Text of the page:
Your partner tells you that they worry about their safety on a night out without them. They want to know every detail of who you are with and what they are doing, as it unfolds. They have your location and freak out when you change locations without sending an update. When this happens, they won’t stop calling and lose their temper. Then, you apologize, but they explain how they felt worried sick and won’t forgive you. The same story replays the next time you go out. You start to wonder if it’s worth going out at all.
The act of incessant surveillance is unhealthy and can lead to detrimental effects such as isolation. Using the certified Risk Assessments that many organizations use to identify domestic abuse inquiries, support workers deem a behavior unhealthy if an individual constantly calls, texts, or checks up on their partner, usually without reassurance after confirmation from their partner. When someone vigilantly watches another’s every move, the ensuing “big brother” feeling quickly makes it easier to avoid going places altogether.
Perpetrators of abuse seek to isolate their partners to maintain control, by making it difficult, stress-inducing, and scary to leave. As a result, as victims of this surveillance withdraw from possibly inflammatory events (despite the nature of the event), they also withdraw and isolate from their friends and other support systems.
These behaviors are commonly born from mistrust or insecurity. However, a partner should freely grant trust, rather than require you to “earn” their trust. Additionally, no one should feel required to report to someone 24/7. Further, fear shouldn’t heighten retaliation when there is a failed “check-in.”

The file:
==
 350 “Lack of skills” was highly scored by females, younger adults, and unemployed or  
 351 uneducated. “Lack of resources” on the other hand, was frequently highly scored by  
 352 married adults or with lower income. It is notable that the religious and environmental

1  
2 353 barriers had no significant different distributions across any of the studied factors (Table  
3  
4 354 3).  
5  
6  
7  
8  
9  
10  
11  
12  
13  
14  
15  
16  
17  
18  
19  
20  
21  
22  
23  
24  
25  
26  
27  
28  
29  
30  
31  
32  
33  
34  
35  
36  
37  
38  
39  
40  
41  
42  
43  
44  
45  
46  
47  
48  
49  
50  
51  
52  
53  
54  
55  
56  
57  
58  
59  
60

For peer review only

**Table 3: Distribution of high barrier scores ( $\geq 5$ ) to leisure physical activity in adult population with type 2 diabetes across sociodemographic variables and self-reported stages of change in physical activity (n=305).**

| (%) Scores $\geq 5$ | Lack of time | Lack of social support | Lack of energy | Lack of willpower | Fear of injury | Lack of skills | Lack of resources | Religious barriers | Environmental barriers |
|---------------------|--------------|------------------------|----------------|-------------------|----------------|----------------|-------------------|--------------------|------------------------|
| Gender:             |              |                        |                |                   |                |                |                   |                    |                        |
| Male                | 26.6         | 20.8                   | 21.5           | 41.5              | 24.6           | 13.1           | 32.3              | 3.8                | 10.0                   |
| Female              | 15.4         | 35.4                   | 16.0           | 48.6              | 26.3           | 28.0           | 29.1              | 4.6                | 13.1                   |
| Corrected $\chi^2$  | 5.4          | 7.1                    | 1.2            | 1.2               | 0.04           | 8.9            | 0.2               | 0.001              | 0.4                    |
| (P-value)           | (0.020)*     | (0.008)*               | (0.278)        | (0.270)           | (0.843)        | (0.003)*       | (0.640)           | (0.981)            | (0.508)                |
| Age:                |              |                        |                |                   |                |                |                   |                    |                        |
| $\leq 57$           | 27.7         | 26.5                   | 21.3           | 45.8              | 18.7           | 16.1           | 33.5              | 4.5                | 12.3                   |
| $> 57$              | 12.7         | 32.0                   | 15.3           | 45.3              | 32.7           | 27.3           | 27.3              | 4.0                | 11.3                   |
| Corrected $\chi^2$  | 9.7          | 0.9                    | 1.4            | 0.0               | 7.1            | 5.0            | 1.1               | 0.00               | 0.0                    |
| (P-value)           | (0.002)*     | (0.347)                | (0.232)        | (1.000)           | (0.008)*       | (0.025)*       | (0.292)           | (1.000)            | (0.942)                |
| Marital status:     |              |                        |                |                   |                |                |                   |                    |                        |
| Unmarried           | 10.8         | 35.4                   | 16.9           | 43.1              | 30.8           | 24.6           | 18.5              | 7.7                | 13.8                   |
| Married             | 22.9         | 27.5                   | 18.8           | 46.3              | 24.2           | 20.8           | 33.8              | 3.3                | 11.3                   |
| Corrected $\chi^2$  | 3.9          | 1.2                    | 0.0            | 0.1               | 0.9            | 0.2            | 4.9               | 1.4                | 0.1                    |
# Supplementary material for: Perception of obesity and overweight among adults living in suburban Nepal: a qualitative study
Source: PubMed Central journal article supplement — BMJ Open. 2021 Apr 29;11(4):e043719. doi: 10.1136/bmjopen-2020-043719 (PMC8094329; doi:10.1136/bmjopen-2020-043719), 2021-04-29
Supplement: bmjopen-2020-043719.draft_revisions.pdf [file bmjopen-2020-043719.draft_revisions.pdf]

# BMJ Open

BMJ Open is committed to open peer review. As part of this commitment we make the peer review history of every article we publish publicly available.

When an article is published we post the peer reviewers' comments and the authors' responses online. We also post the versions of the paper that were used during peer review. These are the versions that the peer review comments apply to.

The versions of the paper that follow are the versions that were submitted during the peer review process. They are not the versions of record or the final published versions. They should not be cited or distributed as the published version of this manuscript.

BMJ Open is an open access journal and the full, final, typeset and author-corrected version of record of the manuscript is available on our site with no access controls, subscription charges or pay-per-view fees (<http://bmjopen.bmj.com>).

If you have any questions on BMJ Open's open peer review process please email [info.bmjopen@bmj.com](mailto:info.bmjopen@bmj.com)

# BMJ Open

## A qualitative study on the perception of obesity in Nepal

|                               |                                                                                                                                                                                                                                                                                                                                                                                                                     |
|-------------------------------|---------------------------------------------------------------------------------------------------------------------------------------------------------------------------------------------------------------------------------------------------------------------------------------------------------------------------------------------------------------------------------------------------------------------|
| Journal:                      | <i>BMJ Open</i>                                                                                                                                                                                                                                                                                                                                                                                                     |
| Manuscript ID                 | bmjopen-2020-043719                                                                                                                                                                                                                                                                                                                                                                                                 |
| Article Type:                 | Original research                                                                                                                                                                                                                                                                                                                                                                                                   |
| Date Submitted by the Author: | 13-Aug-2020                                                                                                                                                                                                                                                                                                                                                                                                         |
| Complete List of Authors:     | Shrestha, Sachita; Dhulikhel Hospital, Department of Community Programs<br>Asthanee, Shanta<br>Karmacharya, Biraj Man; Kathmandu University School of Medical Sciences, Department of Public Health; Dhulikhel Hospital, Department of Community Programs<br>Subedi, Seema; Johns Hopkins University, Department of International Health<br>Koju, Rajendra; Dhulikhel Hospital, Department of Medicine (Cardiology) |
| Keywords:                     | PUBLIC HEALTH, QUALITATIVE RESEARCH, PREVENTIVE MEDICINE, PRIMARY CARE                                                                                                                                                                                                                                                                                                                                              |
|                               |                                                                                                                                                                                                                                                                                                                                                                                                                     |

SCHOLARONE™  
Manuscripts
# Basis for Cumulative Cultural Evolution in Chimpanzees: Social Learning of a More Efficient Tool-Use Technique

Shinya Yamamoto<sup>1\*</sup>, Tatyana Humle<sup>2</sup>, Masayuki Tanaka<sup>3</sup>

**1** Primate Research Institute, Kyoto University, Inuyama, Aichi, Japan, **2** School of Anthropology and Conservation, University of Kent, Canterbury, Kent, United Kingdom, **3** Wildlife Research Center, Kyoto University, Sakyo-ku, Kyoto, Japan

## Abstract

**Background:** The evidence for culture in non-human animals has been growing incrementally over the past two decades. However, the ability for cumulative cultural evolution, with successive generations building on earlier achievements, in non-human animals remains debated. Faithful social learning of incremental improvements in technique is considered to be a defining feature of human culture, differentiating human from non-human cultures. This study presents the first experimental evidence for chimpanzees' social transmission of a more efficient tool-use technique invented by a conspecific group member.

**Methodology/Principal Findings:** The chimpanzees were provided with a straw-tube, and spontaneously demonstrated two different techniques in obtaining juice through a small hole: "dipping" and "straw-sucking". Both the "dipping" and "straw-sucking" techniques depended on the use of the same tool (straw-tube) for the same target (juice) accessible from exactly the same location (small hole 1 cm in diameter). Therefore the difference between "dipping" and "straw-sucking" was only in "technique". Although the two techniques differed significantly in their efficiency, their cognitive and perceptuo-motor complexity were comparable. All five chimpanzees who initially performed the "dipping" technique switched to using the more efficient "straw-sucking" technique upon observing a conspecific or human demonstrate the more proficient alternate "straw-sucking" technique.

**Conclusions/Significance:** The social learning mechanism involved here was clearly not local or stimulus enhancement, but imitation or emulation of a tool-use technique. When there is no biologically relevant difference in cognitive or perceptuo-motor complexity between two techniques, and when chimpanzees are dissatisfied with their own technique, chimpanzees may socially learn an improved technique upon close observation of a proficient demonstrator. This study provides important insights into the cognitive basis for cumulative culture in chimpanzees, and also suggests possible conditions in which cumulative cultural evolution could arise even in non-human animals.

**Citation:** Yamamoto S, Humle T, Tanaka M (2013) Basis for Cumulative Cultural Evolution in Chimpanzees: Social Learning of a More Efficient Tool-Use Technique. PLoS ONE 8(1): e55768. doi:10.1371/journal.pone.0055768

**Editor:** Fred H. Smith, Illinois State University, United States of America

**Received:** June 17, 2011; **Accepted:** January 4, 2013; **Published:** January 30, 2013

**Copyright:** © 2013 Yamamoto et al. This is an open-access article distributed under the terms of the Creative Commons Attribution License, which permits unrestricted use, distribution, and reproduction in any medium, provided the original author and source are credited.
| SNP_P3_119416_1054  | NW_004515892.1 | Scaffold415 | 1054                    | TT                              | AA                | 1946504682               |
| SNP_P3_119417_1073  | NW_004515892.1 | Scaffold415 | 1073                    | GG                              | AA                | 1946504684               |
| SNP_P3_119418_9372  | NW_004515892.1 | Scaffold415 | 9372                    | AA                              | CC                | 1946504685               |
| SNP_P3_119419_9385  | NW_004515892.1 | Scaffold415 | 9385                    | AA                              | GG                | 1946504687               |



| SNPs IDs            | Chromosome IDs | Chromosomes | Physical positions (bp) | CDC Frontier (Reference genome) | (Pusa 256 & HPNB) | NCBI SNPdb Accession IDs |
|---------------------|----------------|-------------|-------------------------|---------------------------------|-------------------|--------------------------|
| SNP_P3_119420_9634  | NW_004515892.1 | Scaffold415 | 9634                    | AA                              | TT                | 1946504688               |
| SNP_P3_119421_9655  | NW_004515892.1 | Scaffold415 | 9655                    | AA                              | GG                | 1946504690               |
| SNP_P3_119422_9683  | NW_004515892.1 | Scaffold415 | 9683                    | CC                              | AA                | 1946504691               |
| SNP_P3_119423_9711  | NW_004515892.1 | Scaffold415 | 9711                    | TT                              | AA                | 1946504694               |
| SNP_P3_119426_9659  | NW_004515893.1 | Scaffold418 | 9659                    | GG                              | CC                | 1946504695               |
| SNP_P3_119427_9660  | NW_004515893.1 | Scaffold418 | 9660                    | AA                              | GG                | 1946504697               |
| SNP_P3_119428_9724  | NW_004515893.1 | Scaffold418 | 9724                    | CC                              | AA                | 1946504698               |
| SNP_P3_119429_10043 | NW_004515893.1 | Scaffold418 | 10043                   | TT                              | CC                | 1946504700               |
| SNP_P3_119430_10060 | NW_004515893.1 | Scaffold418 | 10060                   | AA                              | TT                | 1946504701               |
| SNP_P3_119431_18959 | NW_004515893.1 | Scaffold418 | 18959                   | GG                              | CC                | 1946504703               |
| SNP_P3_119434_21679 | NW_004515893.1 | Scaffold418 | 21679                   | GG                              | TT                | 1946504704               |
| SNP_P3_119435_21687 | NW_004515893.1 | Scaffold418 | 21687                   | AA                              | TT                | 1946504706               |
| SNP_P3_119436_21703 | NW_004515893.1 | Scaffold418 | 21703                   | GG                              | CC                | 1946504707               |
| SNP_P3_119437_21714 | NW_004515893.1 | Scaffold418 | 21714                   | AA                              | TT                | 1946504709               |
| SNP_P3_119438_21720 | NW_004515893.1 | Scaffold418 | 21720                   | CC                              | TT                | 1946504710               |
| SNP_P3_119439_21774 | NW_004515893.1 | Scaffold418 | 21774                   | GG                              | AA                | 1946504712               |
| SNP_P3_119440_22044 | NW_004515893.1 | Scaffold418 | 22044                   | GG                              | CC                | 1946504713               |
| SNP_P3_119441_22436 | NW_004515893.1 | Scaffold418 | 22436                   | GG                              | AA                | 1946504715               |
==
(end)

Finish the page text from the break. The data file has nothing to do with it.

You are worthy of freedom. You are worthy of stress-free nights out and stress-free nights in. Ultimately, you deserve someone who cares about your safety while also prioritizing your freedom and trusting your judgment.
Everyone loves the funny one in the group, but laughter shouldn’t be at someone else’s expense.
You’re out with your partner and a group of friends. It was a long day at work, and you were looking forward to taking some weight off. You start telling the group about a fight you got into with your boss at your new insurance broking position. Then, your partner cuts you off to add, “Well, your boss has a point. I don’t see charming customers high on your talent tool kit,” followed by a laugh.
There is a bit of stiffness in the air, but others laugh as well. You let out a small chuckle to not seem overly sensitive. Then, you bring up the comment on the drive home, but he laughs it off, saying it was only a joke and to lighten up. The “jokes” keep coming. And, though you don’t notice it, you start to believe some of the hurtful things they say. You determine that you are all too sensitive.